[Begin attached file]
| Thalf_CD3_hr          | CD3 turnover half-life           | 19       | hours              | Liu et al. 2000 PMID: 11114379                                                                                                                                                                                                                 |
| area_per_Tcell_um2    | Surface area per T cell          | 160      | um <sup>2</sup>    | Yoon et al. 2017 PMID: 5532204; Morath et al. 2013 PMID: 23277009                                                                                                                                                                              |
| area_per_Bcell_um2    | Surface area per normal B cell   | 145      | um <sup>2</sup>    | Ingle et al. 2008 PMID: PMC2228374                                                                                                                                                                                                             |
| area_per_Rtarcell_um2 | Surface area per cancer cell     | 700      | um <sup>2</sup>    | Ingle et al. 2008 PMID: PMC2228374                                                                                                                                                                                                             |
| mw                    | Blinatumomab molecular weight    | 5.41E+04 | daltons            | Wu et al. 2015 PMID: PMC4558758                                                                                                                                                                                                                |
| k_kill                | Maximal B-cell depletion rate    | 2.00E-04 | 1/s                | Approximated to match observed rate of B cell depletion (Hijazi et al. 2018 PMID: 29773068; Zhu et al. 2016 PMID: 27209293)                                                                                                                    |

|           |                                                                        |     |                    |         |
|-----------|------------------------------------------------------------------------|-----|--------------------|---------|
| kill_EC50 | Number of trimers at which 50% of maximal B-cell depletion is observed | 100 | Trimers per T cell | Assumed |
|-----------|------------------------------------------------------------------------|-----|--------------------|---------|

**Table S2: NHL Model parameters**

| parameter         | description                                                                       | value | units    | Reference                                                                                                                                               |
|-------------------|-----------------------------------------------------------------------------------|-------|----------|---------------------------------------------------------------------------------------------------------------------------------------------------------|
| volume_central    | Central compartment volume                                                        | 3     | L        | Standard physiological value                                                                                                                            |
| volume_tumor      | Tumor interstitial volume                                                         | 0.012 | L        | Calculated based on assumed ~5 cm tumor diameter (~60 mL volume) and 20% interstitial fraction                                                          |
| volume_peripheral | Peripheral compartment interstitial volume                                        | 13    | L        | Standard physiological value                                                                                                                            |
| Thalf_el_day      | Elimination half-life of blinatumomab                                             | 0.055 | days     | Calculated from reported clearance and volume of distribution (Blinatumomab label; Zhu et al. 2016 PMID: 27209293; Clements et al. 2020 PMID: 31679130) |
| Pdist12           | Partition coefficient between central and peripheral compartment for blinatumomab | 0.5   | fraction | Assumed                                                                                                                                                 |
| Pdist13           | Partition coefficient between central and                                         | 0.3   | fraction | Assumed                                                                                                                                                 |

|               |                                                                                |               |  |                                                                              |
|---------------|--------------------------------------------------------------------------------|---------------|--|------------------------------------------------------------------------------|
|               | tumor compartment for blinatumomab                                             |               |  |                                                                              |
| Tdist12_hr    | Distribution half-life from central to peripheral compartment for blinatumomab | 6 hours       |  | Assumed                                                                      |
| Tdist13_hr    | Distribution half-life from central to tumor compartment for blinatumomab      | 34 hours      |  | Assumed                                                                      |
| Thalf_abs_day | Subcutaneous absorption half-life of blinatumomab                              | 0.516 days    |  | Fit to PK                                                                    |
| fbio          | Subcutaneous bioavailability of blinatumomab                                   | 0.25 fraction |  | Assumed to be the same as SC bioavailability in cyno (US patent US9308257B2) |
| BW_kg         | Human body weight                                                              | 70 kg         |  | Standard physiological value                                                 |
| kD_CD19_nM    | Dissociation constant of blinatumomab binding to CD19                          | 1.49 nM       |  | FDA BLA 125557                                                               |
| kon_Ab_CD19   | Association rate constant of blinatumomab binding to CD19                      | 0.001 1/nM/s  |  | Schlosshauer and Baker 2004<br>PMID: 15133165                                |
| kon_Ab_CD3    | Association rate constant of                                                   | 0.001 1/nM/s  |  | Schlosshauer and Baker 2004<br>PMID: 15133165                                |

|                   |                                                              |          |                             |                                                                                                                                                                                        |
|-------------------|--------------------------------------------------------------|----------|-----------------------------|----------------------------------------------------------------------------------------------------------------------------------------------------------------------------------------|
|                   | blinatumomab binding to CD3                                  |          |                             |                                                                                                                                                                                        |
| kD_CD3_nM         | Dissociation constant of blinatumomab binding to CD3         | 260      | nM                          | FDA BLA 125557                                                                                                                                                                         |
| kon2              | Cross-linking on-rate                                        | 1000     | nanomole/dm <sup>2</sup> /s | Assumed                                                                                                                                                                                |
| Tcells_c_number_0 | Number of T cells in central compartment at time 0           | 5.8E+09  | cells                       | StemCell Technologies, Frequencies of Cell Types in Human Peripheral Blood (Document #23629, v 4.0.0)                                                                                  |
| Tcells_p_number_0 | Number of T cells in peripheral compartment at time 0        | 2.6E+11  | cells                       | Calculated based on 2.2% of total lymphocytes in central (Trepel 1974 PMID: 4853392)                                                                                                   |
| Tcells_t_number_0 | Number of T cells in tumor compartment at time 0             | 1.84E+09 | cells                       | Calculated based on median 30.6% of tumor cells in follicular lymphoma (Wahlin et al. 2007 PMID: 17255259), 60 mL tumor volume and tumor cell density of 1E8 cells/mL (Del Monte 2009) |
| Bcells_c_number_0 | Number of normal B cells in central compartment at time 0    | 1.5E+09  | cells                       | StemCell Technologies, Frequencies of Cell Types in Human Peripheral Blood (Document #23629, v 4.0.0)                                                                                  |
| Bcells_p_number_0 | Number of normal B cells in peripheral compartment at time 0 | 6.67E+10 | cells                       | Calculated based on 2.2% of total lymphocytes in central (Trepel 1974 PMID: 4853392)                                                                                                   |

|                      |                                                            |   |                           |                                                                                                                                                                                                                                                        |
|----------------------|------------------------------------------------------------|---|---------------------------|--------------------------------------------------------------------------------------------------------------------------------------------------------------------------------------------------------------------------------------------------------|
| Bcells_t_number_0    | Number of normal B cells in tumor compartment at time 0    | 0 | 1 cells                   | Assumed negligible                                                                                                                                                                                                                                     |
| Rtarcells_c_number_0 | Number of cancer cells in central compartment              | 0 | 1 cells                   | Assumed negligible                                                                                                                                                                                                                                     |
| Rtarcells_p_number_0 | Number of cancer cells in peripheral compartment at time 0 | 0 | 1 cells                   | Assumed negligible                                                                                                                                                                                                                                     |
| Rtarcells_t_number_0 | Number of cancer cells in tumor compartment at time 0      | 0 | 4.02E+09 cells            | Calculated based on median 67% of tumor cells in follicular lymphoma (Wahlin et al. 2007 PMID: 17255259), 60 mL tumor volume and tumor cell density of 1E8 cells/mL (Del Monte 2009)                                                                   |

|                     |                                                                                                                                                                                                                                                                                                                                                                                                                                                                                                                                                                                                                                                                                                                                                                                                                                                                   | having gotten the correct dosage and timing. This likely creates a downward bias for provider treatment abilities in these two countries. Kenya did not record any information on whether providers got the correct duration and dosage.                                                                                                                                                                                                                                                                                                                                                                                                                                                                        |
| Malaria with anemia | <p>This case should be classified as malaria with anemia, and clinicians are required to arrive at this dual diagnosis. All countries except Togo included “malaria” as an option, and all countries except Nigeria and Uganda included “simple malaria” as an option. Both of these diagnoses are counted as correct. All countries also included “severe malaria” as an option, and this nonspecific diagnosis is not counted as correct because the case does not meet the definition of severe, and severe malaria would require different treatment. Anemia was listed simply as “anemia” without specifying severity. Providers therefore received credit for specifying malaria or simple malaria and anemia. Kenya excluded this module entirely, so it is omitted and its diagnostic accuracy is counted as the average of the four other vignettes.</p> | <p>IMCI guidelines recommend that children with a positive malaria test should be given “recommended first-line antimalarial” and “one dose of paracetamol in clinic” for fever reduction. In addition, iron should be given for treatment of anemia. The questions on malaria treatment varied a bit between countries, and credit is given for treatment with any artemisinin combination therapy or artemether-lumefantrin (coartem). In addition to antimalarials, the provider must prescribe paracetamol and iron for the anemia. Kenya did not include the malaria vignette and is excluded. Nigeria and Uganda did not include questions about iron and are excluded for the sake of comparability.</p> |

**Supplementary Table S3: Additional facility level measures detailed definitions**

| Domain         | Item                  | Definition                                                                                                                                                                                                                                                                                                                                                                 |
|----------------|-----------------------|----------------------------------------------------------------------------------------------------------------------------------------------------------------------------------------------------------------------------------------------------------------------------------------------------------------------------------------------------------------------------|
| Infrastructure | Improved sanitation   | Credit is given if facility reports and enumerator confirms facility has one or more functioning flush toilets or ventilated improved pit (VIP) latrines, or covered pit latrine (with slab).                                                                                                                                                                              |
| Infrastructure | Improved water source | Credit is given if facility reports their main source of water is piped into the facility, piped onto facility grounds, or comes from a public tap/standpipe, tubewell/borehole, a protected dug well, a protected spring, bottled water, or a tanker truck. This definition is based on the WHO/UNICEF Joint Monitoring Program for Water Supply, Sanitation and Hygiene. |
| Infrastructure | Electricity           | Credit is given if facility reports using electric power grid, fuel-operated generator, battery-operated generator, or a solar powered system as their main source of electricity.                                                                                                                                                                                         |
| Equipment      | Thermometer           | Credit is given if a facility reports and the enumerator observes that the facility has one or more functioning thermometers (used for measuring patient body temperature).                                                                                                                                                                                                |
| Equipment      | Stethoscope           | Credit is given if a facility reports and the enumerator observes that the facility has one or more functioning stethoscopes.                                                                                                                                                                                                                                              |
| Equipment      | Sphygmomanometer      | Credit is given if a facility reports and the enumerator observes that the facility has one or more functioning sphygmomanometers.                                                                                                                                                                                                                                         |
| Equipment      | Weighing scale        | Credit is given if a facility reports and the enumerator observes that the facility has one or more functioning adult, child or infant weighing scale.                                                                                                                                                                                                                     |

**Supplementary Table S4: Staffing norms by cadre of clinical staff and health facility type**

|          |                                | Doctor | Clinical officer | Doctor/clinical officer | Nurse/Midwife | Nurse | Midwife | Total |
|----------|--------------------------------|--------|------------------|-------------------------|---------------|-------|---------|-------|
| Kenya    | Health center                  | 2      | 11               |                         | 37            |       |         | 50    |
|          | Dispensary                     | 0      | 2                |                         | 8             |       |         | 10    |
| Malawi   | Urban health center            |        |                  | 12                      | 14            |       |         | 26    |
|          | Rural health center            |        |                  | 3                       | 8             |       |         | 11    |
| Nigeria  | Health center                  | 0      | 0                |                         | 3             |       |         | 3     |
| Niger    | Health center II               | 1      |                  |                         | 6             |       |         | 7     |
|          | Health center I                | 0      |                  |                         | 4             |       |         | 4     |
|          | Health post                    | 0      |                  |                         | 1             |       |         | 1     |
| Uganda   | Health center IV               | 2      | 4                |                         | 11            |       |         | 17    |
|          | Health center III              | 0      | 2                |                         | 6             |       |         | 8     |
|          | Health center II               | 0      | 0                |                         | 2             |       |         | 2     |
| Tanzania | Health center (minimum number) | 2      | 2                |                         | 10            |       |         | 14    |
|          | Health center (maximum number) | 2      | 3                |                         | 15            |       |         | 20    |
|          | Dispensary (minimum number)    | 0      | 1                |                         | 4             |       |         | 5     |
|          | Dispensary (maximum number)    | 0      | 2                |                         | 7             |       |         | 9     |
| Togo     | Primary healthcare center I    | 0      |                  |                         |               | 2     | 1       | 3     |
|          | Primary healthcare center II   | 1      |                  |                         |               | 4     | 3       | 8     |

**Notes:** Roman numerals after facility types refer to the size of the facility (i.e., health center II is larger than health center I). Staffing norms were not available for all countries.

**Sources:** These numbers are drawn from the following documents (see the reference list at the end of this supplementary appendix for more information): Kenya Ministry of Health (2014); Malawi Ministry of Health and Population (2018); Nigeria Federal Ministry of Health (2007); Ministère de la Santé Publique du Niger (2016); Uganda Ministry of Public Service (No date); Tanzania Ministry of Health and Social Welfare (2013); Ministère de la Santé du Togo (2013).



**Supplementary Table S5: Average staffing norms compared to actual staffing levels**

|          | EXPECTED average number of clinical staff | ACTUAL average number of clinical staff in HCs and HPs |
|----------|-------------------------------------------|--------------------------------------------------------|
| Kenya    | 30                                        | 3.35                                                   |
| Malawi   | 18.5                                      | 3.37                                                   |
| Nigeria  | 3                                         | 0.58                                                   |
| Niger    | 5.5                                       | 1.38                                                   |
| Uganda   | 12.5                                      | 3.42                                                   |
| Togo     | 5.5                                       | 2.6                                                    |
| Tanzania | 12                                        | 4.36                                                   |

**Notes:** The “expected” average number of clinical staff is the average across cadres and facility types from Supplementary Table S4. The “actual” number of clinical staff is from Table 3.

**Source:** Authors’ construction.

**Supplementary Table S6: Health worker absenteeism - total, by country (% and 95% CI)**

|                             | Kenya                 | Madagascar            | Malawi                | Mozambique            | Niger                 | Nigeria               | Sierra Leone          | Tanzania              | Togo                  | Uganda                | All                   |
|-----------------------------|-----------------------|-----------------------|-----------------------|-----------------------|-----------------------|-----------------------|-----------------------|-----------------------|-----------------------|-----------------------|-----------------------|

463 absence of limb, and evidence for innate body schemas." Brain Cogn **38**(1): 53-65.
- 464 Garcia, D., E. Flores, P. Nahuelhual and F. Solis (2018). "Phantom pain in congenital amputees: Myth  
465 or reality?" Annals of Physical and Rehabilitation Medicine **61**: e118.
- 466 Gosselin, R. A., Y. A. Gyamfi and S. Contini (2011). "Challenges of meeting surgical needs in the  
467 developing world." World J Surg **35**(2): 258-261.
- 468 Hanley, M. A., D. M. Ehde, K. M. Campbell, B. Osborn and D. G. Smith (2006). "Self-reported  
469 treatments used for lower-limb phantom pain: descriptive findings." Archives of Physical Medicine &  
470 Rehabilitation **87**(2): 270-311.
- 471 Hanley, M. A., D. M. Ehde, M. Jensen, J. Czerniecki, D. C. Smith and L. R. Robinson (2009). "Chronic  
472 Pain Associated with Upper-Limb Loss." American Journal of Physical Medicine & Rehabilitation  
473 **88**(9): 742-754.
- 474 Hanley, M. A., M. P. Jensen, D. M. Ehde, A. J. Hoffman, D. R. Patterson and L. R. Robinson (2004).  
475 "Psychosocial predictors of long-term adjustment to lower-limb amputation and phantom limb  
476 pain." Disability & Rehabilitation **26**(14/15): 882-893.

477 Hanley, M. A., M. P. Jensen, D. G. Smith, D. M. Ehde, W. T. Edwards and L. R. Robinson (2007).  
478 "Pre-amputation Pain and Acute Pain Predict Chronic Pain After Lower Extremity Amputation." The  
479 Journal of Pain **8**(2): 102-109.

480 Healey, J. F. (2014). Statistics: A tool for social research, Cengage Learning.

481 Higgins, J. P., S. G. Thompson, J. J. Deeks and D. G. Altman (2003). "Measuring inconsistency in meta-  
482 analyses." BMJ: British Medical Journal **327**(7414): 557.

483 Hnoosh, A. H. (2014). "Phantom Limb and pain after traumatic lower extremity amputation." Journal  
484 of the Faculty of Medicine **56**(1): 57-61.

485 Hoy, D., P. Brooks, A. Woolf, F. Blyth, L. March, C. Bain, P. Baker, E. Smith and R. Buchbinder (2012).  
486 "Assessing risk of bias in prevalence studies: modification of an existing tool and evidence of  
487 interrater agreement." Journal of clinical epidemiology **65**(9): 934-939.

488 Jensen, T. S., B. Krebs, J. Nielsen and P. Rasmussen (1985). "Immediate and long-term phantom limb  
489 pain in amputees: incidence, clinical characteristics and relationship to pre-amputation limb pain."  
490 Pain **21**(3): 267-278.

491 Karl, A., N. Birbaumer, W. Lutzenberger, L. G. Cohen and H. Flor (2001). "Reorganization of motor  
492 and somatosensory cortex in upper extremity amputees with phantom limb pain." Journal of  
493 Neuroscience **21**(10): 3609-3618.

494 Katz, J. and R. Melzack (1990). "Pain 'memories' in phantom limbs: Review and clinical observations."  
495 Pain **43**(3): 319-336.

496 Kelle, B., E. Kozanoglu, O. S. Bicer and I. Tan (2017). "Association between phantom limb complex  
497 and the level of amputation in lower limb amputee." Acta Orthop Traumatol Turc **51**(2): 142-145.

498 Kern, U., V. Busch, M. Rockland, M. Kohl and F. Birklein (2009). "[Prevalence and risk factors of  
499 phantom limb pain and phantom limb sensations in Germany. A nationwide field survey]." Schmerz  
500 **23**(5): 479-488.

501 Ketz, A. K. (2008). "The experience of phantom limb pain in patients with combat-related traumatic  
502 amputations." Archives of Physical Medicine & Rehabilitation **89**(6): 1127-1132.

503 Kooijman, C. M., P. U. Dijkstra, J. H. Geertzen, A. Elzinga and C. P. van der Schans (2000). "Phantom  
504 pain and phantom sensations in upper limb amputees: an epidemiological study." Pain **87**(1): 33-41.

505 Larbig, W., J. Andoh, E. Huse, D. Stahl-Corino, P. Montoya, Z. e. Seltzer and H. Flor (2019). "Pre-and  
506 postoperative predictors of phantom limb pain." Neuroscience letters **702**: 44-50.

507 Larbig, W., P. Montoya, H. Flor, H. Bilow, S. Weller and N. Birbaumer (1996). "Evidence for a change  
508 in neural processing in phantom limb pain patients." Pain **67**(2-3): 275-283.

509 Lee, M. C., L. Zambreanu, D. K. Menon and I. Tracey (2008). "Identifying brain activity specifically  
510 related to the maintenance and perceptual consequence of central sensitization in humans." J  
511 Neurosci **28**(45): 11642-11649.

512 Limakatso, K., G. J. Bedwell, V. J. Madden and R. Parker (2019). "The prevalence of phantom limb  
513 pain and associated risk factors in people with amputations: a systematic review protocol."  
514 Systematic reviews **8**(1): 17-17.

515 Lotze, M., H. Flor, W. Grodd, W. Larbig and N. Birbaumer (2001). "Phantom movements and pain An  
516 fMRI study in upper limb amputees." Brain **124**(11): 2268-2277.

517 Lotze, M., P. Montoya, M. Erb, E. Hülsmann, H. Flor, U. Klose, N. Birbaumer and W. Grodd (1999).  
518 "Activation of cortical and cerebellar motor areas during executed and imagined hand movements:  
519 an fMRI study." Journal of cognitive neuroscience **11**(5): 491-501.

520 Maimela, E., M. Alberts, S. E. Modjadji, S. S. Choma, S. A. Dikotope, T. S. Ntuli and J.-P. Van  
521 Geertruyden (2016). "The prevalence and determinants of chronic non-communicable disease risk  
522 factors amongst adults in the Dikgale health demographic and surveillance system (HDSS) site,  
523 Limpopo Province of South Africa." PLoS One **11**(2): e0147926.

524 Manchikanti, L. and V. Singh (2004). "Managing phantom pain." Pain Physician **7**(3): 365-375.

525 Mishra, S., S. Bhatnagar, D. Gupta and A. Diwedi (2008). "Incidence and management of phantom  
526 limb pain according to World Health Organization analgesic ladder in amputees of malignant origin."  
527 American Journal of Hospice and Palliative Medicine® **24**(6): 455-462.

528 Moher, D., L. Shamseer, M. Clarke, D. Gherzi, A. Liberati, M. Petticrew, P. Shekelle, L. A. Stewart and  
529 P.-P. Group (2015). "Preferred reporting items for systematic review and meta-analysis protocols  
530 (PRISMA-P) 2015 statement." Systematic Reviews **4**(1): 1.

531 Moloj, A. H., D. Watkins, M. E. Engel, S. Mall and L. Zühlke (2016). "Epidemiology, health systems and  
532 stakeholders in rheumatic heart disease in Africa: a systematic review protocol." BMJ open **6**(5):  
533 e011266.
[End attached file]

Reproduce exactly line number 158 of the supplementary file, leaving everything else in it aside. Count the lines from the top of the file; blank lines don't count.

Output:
525 Mishra, S., S. Bhatnagar, D. Gupta and A. Diwedi (2008). "Incidence and management of phantom  